This Novi golf academy will help cure your winter blues … and fix your slice
On a gray, frigid morning earlier this week, I hustled from my car, across a parking lot and through the front door of a welcoming Novi business where my mood elevated as quickly as a solidly-struck Jordan Spieth 9-iron shot.
Stocked with the latest golf-teaching technology — including four bays equipped with simulators and a hydraulics-operated putting apparatus that simulates every break on a green you can imagine — Golf Leadership Academy is a haven for everyone who has even a small degree of passion for the sport that leads off its name.
“People aren’t always in a great mood when they walk in our front door,” said GLA co-owner Ben Bockin, smiling, “but they are by the time they walk out.”
Bockin was referring to the endorphin-releasing effect improved swing mechanics and an enhanced mindset can have on a person — whether they’re a self-described hack or 5 handicap fairway stud.
Golf creates leaders
Bockin, a Wisconsin native, and business partner Chad Elledge (a former prep golfer at Detroit Catholic Central and Northville High School and graduate of Ferris State University, who was introduced to the game while caddying at Meadowbrook Country Club) launched GLA in 2018 with a business model that taught teams of youth golfers leadership traits through golf.
“It was going really, really well,” Bockin shared, “then COVID hit and we had to shut down. In January 2021, we moved from a 12,000-square-foot facility down the road to this place and we focus on individual instruction now.”
The business’s pivot couldn’t have unfolded much smoother, thanks to some out-of-the-box thinking by Bockin and Elledge.
GLA is unique to its competitors in that its facility is available 24/7 to members, who can open the front door with an app on their smart phones.
“We have members who feel like coming in at midnight and training,” Bockin said, “and others who feel like showing up at 5 a.m. to get some work in before they head to the office. The around-the-clock accessibility to our place is a big hit with members.”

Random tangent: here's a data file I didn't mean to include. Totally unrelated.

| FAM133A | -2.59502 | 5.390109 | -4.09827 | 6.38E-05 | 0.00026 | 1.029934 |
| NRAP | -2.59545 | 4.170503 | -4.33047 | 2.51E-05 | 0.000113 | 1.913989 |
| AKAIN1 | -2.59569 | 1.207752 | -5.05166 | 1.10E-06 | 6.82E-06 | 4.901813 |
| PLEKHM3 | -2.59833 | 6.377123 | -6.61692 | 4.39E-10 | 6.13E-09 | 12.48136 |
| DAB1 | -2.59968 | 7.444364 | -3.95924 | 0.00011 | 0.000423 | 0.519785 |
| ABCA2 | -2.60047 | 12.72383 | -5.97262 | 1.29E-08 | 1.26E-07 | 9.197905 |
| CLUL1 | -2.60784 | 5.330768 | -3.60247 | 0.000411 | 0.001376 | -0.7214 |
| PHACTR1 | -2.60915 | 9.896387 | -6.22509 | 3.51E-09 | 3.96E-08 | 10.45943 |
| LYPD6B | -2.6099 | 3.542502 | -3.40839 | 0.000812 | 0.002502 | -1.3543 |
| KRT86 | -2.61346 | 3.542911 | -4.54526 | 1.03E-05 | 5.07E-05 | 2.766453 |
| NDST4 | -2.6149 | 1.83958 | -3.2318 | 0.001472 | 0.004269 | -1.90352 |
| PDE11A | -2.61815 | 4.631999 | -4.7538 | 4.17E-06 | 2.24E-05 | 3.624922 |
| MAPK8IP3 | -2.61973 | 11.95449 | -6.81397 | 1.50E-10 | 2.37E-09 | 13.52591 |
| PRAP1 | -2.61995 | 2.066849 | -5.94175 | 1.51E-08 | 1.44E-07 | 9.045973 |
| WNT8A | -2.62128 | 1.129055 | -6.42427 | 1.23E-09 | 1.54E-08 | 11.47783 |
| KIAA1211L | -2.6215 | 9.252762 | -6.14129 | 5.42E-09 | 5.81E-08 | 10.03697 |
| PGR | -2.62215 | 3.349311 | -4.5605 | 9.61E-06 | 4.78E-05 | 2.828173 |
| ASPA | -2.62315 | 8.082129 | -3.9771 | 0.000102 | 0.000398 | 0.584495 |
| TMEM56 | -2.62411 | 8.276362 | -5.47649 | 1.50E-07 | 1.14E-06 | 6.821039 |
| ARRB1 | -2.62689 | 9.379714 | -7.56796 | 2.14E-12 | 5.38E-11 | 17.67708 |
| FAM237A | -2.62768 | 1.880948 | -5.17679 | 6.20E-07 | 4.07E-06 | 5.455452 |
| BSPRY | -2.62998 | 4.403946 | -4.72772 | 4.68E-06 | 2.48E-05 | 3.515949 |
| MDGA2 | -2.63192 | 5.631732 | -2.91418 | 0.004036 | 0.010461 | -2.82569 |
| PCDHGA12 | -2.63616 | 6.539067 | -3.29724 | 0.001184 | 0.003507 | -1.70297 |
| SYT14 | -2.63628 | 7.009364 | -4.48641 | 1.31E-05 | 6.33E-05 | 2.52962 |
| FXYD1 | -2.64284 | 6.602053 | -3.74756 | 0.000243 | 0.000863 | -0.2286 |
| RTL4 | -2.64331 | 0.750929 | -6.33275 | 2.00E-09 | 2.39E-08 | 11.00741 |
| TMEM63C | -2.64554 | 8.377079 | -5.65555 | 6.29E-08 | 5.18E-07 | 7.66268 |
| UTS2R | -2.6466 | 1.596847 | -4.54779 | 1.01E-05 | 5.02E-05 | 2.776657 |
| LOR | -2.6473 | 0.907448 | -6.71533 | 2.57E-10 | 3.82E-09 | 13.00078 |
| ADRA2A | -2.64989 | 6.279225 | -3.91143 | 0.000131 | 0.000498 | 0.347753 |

As is the GLA staff’s adaptable instruction method that tees off with a three-lesson On-Ramp program that focuses on providing students with more clarity, comfort and confidence — a trio of qualities that often leads to guaranteed results.
Bockin said the quality many of their customers seek is difficult, if not impossible, to attain, especially considering the unpredictability of golf.
Easier said than done
Born and raised in a community just south of Green Bay, Wisconsin, he said he and his fellow Packers fans have been spoiled by the franchise’s quarterback-led consistency of success.
If only that trait was as easy to own on the links.
“Everybody wants consistency in their game,” he said. “When they tell us this, we’ll say there is nothing consistent about the game of golf. Even the players on the PGA Tour have up to 20-shot differentials from their low rounds to their high rounds on any given day. We’re big on selling adaptability, not consistency. We teach players how to adapt to the environment on the course and how to be their own best coach.”
Practice makes… almost perfect
Bockin said there are several drills golfers can practice in the comfort of their own homes, including putting with the assistance of rulers and working on where a divot should start (hint: it’s not behind the ball) by using a towel.
“And they can work on their club speed at home with jet sticks, which are shorter than actual clubs so they can be used in rooms that may not have higher-than-normal ceilings,” he said.
Since moving to Michigan 16 years ago, Bockin said he has embraced the variety of high-caliber courses scattered across the state.
He said he developed a special affection the first time he played the Bloomfield Hills Country Club layout.
“There are no tee times, so you show up and can get around in four hours,” he said. “It’s such a unique course and offers some of the best views in southeast Michigan.”
The biggest golf-related transformation Bockin sees on the near-horizon is technology-based.
“The cost of purchasing a golf simulator for your home has decreased dramatically; in fact, you can get a decent one now for around $1,500,” he said. “As a result, you’re going to see less and less people out on actual courses and playing more in their homes.”
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